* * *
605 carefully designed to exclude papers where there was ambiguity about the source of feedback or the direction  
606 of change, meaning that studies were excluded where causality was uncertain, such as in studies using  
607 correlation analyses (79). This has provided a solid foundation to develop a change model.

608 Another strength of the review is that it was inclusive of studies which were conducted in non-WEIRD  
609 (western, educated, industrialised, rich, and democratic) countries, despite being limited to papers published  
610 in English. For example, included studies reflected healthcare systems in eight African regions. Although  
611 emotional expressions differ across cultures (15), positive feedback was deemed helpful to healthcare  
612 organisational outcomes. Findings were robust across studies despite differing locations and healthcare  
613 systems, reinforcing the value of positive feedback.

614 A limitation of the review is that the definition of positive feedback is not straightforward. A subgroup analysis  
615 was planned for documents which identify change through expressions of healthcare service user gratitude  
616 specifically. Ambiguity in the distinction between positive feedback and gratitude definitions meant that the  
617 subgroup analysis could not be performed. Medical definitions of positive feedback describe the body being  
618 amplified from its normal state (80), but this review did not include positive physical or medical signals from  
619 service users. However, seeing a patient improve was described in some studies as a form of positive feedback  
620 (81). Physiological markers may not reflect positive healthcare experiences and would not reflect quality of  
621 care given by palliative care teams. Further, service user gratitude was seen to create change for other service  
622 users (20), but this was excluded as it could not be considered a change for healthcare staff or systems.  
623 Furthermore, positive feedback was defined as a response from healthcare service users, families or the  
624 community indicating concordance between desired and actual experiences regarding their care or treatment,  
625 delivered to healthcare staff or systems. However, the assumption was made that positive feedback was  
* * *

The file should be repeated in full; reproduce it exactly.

605 carefully designed to exclude papers where there was ambiguity about the source of feedback or the direction  
606 of change, meaning that studies were excluded where causality was uncertain, such as in studies using  
607 correlation analyses (79). This has provided a solid foundation to develop a change model.

608 Another strength of the review is that it was inclusive of studies which were conducted in non-WEIRD  
609 (western, educated, industrialised, rich, and democratic) countries, despite being limited to papers published  
610 in English. For example, included studies reflected healthcare systems in eight African regions. Although  
611 emotional expressions differ across cultures (15), positive feedback was deemed helpful to healthcare  
612 organisational outcomes. Findings were robust across studies despite differing locations and healthcare  
613 systems, reinforcing the value of positive feedback.

614 A limitation of the review is that the definition of positive feedback is not straightforward. A subgroup analysis  
615 was planned for documents which identify change through expressions of healthcare service user gratitude  
616 specifically. Ambiguity in the distinction between positive feedback and gratitude definitions meant that the  
617 subgroup analysis could not be performed. Medical definitions of positive feedback describe the body being  
618 amplified from its normal state (80), but this review did not include positive physical or medical signals from  
619 service users. However, seeing a patient improve was described in some studies as a form of positive feedback  
620 (81). Physiological markers may not reflect positive healthcare experiences and would not reflect quality of  
621 care given by palliative care teams. Further, service user gratitude was seen to create change for other service  
622 users (20), but this was excluded as it could not be considered a change for healthcare staff or systems.  
623 Furthermore, positive feedback was defined as a response from healthcare service users, families or the  
624 community indicating concordance between desired and actual experiences regarding their care or treatment,  
625 delivered to healthcare staff or systems. However, the assumption was made that positive feedback was  